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Family Parasuchidae

(= Phytosauridae)

Rutiodon
Rutiodon
illustration by Steve Kirk - Illustrated Encyclopedia of Dinosaurs and Prehistoric Animals, ed.. Barry Cox

The Phytosaurs (this unfortunate name means "plant lizards", because it was originally mistakenly believed that petrified.mud fillings in the jaw of the first specimen found were herbivore teeth) were crocodile-like semi-aquatic thecodonts that suddenly appeared and became very abundant during the latter part of the link to palaeos com Triassic period.

They are more appropriately known by the later (but less widely used) name Parasuchia ("alongside the crocodiles"), as they resembled link to palaeos com crocodiles to a remarkable degree in size, appearance, and life-style.  This is an amazing illustration of convergent or parallel evolution.  Phytosaurs were in a sense "crocodile uncles", since both Phytosaurs and proto-crocodiles shared a common ancestor in early Pseudosuchian thecodonts.  But true crocodiles were only able to evolve after phytosaurs became extinct at the end of the Triassic.

The differences between phytosaurs and crocodiles are minor.  The most obvious differences between phytosaurs and crocodiles are in the position of the nostrils.  Phytosaurs had nostrils placed near or above the level of the eyes.  Crocodiles have nostrils placed far forward at the tip of the snout.  Another difference is in the palate (roof of the mouth).  True crocodiles have a secondary palate that enables them to breathe when partially submerged, even though the mouth is full of water.  Phytosaurs lacked this adaptation, and used the nostrils on top of the head in order to swallow air while underwater.  Phytosaur limbs were also somewhat more primitive in structure than those of crocodiles. Fossil footprints indicate however that phytosaurs could move in a semi-erect stance on land and did not drag their tails as modern crocodiles do.

Phytosaurs were if anything even better armoured than crocs, with the throat and back of the animal being are protected by heavy armoured scutes, and the belly reinforced with a dense ararngement of abdominal ribs (see illustration below).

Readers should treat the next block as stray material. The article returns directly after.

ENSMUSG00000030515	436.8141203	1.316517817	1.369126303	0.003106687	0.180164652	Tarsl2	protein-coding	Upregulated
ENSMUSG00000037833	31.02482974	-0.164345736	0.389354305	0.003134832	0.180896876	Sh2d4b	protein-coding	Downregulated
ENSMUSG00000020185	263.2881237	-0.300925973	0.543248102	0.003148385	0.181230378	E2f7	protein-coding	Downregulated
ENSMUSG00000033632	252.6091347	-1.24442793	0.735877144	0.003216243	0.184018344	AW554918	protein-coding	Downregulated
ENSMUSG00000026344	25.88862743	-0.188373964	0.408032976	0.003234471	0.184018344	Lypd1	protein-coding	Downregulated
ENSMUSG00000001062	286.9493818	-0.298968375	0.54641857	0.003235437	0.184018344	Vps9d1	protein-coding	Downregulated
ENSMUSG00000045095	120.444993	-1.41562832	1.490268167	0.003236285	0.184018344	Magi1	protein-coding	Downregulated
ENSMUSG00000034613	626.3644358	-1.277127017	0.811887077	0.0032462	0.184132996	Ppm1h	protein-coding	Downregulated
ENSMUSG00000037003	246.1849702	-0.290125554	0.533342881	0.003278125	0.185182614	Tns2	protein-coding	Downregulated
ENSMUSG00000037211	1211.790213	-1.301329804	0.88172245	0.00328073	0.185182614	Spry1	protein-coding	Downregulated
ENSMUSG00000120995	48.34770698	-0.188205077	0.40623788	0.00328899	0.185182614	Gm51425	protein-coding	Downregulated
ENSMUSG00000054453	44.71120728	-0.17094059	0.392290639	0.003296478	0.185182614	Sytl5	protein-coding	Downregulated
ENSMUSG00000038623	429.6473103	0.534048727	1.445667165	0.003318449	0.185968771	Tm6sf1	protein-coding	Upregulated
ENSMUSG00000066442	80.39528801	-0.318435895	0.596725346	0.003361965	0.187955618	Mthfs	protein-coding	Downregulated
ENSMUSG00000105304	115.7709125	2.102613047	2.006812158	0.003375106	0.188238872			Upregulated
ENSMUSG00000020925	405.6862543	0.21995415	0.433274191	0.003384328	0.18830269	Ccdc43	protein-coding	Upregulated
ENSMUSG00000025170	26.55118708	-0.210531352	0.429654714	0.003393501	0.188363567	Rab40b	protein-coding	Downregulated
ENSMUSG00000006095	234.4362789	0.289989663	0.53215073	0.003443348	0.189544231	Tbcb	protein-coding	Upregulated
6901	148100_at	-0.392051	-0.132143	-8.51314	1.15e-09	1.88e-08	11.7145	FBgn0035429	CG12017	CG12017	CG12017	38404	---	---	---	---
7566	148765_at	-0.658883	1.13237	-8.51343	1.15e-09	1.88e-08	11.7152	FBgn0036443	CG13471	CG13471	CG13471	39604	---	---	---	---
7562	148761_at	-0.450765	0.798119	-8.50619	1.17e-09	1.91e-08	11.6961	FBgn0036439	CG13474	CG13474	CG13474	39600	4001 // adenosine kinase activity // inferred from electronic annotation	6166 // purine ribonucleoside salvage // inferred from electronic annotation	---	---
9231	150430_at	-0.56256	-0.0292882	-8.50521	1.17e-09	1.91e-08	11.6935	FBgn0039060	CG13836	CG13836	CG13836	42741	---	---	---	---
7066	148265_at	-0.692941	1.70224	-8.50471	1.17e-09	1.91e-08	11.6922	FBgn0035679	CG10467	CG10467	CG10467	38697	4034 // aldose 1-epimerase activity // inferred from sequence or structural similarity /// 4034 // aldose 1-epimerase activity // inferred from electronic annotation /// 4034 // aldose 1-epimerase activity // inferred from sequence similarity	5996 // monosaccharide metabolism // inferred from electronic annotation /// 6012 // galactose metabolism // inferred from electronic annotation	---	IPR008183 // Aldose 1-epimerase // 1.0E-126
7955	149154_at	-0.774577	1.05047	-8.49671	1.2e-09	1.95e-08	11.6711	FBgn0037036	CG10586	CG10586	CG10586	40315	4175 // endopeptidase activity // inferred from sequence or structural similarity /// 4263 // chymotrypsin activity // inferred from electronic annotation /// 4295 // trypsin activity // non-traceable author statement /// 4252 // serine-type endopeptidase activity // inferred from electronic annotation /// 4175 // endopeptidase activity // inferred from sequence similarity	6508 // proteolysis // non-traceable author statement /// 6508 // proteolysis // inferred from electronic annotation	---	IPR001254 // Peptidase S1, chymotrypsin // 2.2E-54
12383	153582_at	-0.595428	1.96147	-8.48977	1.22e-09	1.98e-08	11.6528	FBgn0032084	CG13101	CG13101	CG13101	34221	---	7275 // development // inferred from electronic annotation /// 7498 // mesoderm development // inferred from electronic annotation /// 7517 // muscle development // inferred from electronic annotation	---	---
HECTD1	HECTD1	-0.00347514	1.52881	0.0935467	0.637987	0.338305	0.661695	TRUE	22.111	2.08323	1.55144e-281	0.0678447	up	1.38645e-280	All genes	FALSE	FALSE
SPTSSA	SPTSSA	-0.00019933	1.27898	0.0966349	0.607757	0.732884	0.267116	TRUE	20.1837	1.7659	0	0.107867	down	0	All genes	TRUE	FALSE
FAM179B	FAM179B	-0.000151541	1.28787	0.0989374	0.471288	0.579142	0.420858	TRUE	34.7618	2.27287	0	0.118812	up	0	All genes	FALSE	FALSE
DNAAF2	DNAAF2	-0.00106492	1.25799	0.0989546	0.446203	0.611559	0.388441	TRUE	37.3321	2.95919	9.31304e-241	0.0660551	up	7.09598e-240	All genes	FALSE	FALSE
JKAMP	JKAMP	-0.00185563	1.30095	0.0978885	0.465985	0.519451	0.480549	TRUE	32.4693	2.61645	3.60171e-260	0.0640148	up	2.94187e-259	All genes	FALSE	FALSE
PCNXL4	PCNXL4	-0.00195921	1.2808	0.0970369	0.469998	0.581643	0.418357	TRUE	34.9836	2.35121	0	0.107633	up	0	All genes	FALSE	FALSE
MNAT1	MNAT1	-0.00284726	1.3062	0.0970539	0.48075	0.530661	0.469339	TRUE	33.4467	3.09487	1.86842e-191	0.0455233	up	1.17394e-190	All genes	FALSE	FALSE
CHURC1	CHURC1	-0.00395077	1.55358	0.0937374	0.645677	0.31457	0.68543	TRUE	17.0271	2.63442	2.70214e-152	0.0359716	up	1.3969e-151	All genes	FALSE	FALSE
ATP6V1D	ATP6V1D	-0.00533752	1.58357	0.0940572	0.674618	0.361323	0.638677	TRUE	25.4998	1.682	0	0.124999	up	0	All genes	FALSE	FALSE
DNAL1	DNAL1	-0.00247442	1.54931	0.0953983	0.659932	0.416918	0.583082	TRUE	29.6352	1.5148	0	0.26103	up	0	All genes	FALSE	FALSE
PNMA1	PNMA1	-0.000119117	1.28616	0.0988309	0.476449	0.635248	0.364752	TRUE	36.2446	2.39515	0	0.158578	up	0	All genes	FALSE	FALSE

Phytosaurs are divided into two subfamilies (recently sometimes considered distinct families): the Mystriosuchinae and the Angistorhininae (= Rutiodontidae).

Parasuchus
skeleton of Parasuchus, showing the abdominal ribs and the long slender Mystriosuchine skull
length overall 2.5 meters
link to palaeos com Carnian age - widespread
source: external link Great Triassic Assemblages Pt 1 - The Chinle and Newark - Professor Paul Eric Olsen.

The Mystriosuchinae represent the more primitive group.  They tend to have gavial-like skulls (e.g. Mystriosuchus, Parasuchus) with a long, slender snout tipped with a pronounced tusked "hook," and jaws lined with uniform conical teeth.  These were clearly fish eaters.

The Angistorhininae were more heavily built with crocodile- or alligator-like skulls (e.g Nicrosaurus, Rutiodon) characterised by a shorter, wider, deeper snout, and jaws equipped with serrated blade-like fangs and more cylindrical crushing-type teeth.  These clearly fed on large animals, specifically other tetrapods.

However the situition is not so clear cut, as some Mystriosuchines had Angistorhininae characteristics and some Angistorhinines had Mystriosuchine characters - indicating the two morphotypes evolved independently in both lineages


Parasuchidae (=Phytosauridae)

lifestyle: large to very large semi-aquatic carnivores, equivalent to modern-day crocodile 
environment: freshwater rivers, lakes, and swamps
food: fish and smaller tetrapods 
enemies: no animal would be stupid enough to take on a large adult phytosaur
size: from 2 to 8 or even 12 meters (average 3 to 6 meters)
probable ancestor: unspecified early Pseudosuchian
known time range:Late link to palaeos com Carnian to link to palaeos com Rhaetian
known distribution: Europe, India, North Africa and North America
status: monophyletic




links - Phytosaur - Links -
links

Phytosauria Translation and Pronunciation Guide - Ben Creisler - includes every known genus of phytosaur (Parasuchia)

web pagephotosGreat Triassic Assemblages Pt 1 - The Chinle and Newark - Professor Paul Eric Olsen.- includes information on Phytosaurs

web pagephotosThe Mesozoic Era includes phytosaur photos by Pamela Gore (Georgia Geoscience On-Line )

more links to be added....

References


Sankar Chaterjee "Late Triassic Dockum vertebrates: their stratigraphc and paleobiolographic significance"; in The Beginning of the Age of Dinosaurs. Kevin Padian, ed., Cambridge University Press, 1986
Long, R. A. & P. A. Murry, 1995. Late Triassic (Carnian and Norian) Tetrapods from the Southwestern United States. New Mexico Museum of Natural History & Science. Bull. 4. 254pp.





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page by M.Alan Kazlev
page uploaded 18 October 1999. Reposted and last modified 30 August 2005, links updated 16 January 2010

page uploaded 20 December 1998
modified 23 October 1999